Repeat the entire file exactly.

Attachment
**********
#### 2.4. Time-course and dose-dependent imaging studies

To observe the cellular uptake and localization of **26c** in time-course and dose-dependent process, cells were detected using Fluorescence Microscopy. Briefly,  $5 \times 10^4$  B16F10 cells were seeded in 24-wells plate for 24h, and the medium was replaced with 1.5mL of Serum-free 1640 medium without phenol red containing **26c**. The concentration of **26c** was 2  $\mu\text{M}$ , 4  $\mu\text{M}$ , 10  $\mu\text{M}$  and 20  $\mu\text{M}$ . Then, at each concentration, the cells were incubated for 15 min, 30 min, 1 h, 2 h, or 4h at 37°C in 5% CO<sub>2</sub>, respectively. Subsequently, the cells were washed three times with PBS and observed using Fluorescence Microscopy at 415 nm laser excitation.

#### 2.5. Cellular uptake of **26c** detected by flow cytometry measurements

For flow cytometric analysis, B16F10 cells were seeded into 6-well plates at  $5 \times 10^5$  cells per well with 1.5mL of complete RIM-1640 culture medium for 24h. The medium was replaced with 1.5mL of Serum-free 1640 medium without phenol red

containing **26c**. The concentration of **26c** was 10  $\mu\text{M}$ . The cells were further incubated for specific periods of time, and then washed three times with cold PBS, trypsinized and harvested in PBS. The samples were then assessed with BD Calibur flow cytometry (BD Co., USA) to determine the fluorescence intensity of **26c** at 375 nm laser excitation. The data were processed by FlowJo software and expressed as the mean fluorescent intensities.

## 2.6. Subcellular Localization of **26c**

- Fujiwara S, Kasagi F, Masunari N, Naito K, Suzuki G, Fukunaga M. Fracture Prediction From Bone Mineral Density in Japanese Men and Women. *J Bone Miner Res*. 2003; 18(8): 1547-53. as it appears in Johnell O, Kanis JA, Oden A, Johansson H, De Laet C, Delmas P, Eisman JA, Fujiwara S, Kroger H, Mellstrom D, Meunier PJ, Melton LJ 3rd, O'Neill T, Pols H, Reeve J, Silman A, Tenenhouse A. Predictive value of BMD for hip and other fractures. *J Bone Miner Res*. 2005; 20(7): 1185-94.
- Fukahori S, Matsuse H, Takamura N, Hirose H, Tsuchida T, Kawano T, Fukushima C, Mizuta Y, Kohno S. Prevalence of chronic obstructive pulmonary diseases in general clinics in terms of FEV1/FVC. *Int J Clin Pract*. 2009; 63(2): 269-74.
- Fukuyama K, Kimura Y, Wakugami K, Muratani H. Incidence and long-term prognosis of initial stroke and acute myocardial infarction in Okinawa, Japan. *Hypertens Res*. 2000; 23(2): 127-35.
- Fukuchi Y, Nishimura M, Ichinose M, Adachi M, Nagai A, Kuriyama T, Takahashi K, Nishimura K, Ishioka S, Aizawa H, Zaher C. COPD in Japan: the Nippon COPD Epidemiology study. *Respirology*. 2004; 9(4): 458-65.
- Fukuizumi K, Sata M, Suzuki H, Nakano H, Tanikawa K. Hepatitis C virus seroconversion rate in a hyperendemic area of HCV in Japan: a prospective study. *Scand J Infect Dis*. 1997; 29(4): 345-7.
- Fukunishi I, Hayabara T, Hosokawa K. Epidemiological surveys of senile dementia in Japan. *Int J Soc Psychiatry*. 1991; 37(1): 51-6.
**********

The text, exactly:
#### 2.4. Time-course and dose-dependent imaging studies

To observe the cellular uptake and localization of **26c** in time-course and dose-dependent process, cells were detected using Fluorescence Microscopy. Briefly,  $5 \times 10^4$  B16F10 cells were seeded in 24-wells plate for 24h, and the medium was replaced with 1.5mL of Serum-free 1640 medium without phenol red containing **26c**. The concentration of **26c** was 2  $\mu\text{M}$ , 4  $\mu\text{M}$ , 10  $\mu\text{M}$  and 20  $\mu\text{M}$ . Then, at each concentration, the cells were incubated for 15 min, 30 min, 1 h, 2 h, or 4h at 37°C in 5% CO<sub>2</sub>, respectively. Subsequently, the cells were washed three times with PBS and observed using Fluorescence Microscopy at 415 nm laser excitation.

#### 2.5. Cellular uptake of **26c** detected by flow cytometry measurements

For flow cytometric analysis, B16F10 cells were seeded into 6-well plates at  $5 \times 10^5$  cells per well with 1.5mL of complete RIM-1640 culture medium for 24h. The medium was replaced with 1.5mL of Serum-free 1640 medium without phenol red

containing **26c**. The concentration of **26c** was 10  $\mu\text{M}$ . The cells were further incubated for specific periods of time, and then washed three times with cold PBS, trypsinized and harvested in PBS. The samples were then assessed with BD Calibur flow cytometry (BD Co., USA) to determine the fluorescence intensity of **26c** at 375 nm laser excitation. The data were processed by FlowJo software and expressed as the mean fluorescent intensities.

## 2.6. Subcellular Localization of **26c**

- Fujiwara S, Kasagi F, Masunari N, Naito K, Suzuki G, Fukunaga M. Fracture Prediction From Bone Mineral Density in Japanese Men and Women. *J Bone Miner Res*. 2003; 18(8): 1547-53. as it appears in Johnell O, Kanis JA, Oden A, Johansson H, De Laet C, Delmas P, Eisman JA, Fujiwara S, Kroger H, Mellstrom D, Meunier PJ, Melton LJ 3rd, O'Neill T, Pols H, Reeve J, Silman A, Tenenhouse A. Predictive value of BMD for hip and other fractures. *J Bone Miner Res*. 2005; 20(7): 1185-94.
- Fukahori S, Matsuse H, Takamura N, Hirose H, Tsuchida T, Kawano T, Fukushima C, Mizuta Y, Kohno S. Prevalence of chronic obstructive pulmonary diseases in general clinics in terms of FEV1/FVC. *Int J Clin Pract*. 2009; 63(2): 269-74.
- Fukuyama K, Kimura Y, Wakugami K, Muratani H. Incidence and long-term prognosis of initial stroke and acute myocardial infarction in Okinawa, Japan. *Hypertens Res*. 2000; 23(2): 127-35.
- Fukuchi Y, Nishimura M, Ichinose M, Adachi M, Nagai A, Kuriyama T, Takahashi K, Nishimura K, Ishioka S, Aizawa H, Zaher C. COPD in Japan: the Nippon COPD Epidemiology study. *Respirology*. 2004; 9(4): 458-65.
- Fukuizumi K, Sata M, Suzuki H, Nakano H, Tanikawa K. Hepatitis C virus seroconversion rate in a hyperendemic area of HCV in Japan: a prospective study. *Scand J Infect Dis*. 1997; 29(4): 345-7.
- Fukunishi I, Hayabara T, Hosokawa K. Epidemiological surveys of senile dementia in Japan. *Int J Soc Psychiatry*. 1991; 37(1): 51-6.